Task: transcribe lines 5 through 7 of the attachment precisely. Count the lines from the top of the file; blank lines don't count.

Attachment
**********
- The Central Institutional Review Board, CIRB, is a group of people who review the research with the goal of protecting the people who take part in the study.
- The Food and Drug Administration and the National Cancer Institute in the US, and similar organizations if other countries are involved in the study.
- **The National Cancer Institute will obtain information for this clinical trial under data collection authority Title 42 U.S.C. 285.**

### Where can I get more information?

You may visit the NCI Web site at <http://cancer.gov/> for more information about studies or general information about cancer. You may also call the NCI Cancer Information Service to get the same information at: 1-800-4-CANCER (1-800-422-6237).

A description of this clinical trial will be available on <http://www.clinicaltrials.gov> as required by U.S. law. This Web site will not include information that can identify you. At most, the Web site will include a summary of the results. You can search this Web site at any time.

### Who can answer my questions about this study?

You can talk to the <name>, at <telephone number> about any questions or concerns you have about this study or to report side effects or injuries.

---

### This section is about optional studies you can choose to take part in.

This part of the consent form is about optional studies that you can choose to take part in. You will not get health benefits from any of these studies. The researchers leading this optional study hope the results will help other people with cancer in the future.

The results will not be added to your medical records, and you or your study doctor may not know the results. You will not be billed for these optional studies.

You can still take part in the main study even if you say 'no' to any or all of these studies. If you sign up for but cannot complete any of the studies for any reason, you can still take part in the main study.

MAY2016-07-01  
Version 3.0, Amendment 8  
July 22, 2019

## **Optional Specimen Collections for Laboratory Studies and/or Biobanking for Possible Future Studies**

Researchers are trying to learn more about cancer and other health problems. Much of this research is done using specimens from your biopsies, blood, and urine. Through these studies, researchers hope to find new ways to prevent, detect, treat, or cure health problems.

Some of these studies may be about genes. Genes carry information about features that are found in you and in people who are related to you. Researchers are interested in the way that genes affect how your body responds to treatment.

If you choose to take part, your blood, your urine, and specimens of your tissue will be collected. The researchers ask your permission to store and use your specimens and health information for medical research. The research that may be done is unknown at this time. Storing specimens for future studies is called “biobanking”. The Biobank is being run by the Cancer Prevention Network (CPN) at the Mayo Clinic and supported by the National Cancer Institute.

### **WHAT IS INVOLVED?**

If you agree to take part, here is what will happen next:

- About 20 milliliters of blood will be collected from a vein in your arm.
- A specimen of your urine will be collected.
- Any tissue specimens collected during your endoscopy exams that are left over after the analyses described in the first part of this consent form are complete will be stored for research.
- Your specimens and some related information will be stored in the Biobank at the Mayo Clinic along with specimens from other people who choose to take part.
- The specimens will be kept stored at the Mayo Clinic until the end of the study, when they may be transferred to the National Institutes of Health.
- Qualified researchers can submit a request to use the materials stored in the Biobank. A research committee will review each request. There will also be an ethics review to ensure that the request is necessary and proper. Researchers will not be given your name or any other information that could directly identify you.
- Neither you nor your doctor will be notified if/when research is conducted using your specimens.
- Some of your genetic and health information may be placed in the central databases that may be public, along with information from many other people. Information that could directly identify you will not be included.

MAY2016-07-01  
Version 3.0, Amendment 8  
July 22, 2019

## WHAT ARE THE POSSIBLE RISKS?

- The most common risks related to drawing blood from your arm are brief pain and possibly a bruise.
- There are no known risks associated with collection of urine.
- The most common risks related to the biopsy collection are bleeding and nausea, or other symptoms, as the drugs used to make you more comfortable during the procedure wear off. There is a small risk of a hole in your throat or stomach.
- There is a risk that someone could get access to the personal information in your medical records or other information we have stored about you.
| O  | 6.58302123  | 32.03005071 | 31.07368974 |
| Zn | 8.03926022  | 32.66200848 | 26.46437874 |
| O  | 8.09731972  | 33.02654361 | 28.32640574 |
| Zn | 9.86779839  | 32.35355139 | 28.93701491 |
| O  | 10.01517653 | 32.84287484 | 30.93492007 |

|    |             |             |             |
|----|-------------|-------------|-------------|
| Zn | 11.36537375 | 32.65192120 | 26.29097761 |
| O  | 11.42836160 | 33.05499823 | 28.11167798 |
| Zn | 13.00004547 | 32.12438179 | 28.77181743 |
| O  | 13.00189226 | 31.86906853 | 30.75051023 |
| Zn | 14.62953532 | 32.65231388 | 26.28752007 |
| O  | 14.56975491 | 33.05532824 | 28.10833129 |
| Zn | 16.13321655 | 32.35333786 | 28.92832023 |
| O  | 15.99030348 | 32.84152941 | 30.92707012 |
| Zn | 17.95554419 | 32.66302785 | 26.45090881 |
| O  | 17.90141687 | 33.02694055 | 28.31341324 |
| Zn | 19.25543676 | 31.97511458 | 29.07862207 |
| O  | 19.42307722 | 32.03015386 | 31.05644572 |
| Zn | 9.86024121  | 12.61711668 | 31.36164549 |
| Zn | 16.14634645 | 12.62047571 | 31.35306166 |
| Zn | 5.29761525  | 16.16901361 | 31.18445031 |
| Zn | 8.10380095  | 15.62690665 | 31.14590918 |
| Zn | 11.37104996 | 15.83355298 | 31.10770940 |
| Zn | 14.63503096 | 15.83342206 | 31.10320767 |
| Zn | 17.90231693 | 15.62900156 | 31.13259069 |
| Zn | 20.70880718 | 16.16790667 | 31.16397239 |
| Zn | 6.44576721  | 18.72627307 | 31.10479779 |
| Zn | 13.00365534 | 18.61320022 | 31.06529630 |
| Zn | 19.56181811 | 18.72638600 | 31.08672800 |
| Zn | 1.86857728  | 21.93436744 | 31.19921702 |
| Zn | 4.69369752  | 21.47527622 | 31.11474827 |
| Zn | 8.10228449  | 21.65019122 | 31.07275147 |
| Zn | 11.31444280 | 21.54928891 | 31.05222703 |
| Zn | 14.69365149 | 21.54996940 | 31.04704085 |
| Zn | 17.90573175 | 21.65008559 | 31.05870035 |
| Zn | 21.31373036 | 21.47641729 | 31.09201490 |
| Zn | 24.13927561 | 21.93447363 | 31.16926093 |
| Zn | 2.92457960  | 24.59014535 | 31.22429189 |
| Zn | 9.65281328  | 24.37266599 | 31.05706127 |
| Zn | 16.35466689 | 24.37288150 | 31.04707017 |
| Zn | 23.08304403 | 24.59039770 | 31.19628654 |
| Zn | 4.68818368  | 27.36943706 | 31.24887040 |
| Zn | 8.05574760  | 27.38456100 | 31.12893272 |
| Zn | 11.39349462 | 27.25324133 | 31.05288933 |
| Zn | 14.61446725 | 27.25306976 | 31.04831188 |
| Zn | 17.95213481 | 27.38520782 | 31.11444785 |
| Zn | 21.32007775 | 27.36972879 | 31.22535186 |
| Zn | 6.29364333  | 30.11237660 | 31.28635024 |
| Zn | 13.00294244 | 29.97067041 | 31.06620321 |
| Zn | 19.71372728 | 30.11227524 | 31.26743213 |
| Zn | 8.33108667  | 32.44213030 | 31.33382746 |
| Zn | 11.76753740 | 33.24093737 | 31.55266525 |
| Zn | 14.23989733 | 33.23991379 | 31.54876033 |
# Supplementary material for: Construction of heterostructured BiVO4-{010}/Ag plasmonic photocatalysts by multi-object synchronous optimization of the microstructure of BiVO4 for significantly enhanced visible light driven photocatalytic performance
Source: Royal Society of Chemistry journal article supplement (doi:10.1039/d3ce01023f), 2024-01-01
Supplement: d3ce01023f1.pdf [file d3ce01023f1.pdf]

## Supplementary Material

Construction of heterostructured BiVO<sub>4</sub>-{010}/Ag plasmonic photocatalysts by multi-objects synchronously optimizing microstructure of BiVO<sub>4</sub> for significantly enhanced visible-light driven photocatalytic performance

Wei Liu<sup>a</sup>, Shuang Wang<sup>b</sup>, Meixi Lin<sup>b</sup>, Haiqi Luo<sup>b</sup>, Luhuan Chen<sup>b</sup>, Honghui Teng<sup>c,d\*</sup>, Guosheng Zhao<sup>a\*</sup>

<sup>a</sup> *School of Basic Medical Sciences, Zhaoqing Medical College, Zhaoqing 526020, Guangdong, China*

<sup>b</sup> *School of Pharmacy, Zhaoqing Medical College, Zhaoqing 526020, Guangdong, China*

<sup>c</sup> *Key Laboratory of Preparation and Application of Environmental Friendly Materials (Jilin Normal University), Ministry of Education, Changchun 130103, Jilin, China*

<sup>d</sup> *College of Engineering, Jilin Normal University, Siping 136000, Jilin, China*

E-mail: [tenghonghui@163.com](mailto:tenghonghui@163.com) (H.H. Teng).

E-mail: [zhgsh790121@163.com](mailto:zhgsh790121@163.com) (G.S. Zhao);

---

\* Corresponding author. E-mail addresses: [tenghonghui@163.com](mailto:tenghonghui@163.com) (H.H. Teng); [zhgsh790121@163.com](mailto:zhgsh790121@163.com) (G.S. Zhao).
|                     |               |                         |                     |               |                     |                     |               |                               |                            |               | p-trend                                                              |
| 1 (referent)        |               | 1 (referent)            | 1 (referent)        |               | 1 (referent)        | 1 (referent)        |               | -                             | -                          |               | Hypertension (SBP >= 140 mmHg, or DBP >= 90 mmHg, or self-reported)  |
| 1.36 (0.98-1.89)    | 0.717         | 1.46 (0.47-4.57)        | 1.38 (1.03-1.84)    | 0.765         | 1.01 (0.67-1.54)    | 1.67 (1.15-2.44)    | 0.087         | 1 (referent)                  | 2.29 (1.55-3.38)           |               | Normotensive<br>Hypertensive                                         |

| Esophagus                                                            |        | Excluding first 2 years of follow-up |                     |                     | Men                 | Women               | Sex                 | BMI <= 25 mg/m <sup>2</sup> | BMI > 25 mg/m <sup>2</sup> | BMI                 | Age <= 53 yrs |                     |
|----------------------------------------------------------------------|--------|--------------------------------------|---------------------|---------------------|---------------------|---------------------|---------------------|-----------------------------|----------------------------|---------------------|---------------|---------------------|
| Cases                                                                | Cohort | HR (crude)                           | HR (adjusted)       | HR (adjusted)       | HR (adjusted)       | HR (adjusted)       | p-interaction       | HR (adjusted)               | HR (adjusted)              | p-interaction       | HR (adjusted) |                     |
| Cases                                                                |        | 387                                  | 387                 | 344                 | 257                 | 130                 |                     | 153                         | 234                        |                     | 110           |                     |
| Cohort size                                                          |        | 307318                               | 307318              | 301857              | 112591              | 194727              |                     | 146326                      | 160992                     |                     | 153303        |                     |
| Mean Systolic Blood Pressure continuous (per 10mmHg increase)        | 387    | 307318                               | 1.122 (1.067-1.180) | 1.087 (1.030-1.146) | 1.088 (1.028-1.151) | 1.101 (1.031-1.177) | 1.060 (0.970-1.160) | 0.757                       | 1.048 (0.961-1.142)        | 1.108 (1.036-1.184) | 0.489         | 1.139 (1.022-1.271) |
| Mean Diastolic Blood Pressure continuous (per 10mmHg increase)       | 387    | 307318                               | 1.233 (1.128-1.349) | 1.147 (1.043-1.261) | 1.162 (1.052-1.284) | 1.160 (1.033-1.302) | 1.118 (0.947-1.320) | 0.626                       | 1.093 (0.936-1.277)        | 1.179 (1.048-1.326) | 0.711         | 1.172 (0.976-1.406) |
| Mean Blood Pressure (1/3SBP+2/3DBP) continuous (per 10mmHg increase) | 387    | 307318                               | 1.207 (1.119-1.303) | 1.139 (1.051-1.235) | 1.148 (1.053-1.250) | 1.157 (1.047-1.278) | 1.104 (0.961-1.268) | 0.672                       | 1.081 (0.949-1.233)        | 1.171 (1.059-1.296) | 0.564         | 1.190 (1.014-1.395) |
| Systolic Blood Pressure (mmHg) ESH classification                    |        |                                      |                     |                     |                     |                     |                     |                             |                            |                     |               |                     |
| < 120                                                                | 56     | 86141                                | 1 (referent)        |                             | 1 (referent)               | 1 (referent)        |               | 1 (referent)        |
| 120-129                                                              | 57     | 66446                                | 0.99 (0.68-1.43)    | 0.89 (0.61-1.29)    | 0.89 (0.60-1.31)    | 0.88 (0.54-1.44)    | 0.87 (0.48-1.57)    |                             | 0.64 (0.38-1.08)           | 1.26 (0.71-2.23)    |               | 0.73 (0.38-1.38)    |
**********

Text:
You may visit the NCI Web site at <http://cancer.gov/> for more information about studies or general information about cancer. You may also call the NCI Cancer Information Service to get the same information at: 1-800-4-CANCER (1-800-422-6237).

A description of this clinical trial will be available on <http://www.clinicaltrials.gov> as required by U.S. law. This Web site will not include information that can identify you. At most, the Web site will include a summary of the results. You can search this Web site at any time.

### Who can answer my questions about this study?